The House Education & Workforce Committee held a hearing today that examined the Department of Labor’s recent overtime regulation’s impact on non-profits and universities.
Michael Rounds, Associate Vice Provost for Human Resources Management, testified on the hardships that the University of Kansas would experience from the new overtime salary threshold. In the final rule, the DOL raised the salary threshold for overtime eligible salaried employees from $23,660 to $47,476.
The University has dealt with “two state directed budget cuts” this year and more expected in years to come. In essence, the overtime rule amounts to an unfunded mandate. And the costs are not inconsequential. In June, the University of Kansas had 354 employees that are currently exempt but will become non-exempt, and overtime eligible under the new rule.
If they chose to comply with the rule by raising salaries to the new threshold, it would cost $2,937,980. A similar number, $2,303,554.25, is the cost to pay these employees overtime pay as non-exempt employees.
Rounds points out the school does not have funds available to offset added costs of the overtime rule and operates on a fixed budget. The result of overtime costs will be a “reduction of services and/or the elimination of positions.”
At the hearing, Representative Phil Roe (R-Tenn.) said the University of Tennessee stands to incur $9 million in additional costs from the government wage mandate, which amounts to a 2 percent tuition hike on all students.
Another witness, Chief Human Resources Officer at Easter Seals New Hampshire Tina Sharby, spoke about difficulties the non-profit community would have with efforts to comply with new overtime requirements. Easter Seals provides services to individuals with special needs and disabilities and is primarily funded by Medicare, Medicaid, and other state and federal funds.
Sharby notes a problem faced by many non-profits dependent on federal funds, “[A]s a nonprofit, Easter Seals NH is unable to raise prices on products or services to clients to cover these added overtime costs. Instead, the organization will have to reduce services and care for clients, mostly individuals with disabilities — already a vulnerable and underserved population in our country.”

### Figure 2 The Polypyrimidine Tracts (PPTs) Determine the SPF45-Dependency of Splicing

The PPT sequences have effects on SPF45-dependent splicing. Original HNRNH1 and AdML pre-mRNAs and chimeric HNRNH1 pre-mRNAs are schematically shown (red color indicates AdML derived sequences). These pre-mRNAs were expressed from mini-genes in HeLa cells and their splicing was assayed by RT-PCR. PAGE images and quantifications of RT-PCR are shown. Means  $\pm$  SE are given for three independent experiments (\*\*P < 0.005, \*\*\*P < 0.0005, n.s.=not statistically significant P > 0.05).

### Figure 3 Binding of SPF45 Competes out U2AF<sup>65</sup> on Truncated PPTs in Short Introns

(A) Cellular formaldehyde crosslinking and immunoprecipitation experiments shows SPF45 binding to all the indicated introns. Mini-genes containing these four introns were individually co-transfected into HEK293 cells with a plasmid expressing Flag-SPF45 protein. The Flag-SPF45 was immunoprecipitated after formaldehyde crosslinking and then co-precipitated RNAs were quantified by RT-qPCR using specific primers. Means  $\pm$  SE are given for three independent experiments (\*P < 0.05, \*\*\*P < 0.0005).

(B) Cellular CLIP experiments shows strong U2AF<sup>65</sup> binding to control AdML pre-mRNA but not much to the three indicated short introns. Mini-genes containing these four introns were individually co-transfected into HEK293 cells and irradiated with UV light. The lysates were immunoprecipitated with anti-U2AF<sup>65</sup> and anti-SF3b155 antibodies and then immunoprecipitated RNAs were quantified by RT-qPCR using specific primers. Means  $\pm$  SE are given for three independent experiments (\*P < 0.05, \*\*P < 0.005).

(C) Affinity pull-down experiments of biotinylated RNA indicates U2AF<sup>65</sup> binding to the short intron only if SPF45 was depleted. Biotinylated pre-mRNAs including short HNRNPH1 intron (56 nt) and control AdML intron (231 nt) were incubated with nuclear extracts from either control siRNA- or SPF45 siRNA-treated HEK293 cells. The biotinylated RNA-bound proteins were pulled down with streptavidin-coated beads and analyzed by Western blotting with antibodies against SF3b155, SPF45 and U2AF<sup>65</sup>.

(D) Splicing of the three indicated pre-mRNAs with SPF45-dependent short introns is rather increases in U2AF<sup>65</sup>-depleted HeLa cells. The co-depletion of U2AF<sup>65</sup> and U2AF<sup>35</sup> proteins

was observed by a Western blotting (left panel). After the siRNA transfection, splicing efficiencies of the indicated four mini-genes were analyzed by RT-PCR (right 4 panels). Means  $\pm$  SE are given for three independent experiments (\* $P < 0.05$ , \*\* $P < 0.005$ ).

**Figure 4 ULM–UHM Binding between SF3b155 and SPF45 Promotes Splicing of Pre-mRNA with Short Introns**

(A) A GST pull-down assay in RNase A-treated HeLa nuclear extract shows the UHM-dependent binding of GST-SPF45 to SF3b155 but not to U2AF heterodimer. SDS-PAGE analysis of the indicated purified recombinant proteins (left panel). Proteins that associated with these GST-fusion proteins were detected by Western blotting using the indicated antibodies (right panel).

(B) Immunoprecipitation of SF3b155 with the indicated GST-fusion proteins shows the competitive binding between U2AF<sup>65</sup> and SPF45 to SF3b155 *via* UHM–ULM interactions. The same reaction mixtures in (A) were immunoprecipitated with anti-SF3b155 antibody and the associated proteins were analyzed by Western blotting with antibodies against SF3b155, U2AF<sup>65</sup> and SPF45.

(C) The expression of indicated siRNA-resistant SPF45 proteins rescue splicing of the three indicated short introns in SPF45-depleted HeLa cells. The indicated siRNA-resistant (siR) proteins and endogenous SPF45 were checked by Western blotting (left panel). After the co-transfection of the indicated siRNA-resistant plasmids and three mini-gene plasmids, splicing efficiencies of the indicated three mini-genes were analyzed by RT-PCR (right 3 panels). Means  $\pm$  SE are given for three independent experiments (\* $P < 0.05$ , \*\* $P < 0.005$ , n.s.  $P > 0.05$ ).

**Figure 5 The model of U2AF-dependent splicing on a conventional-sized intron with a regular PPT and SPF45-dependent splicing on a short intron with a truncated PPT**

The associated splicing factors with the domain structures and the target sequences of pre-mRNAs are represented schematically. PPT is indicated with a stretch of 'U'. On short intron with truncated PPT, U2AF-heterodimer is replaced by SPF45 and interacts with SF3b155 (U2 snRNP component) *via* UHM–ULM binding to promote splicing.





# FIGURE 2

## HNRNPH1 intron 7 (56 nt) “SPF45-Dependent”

A number of dedicated employees at the non-profit earn $43,000, a salary under the new threshold of over $47,000. To comply, Sharby said, “Easter Seals NH will need to reclassify 280 employees from salaried to nonexempt status, resulting in the implementation of a ‘cap’ on overtime work, limiting career opportunities and reducing flexible work schedules that both attract our staff and enable us to provide certain services.”
Capping overtime work severely impacts Easter Seals’ employees’ ability to provide much needed service to the neediest people. For example, many care coordinators earn under the new salary threshold and with no action would become newly overtime eligible. Their duties include giving 24/7 service to veterans and service members. An unintended consequence of the rule is if Easter Seals feels its best option is to reclassify these workers as non-exempt then “they will no longer be able to provide these critically needed services around the clock to our community.”
As I wrote in RealClearPolicy.com, hopefully “Congressional Democrats [will] take the concerns of those who will be negatively impacted by the rule seriously—especially since many of them are traditional supporters of the Democratic Party.”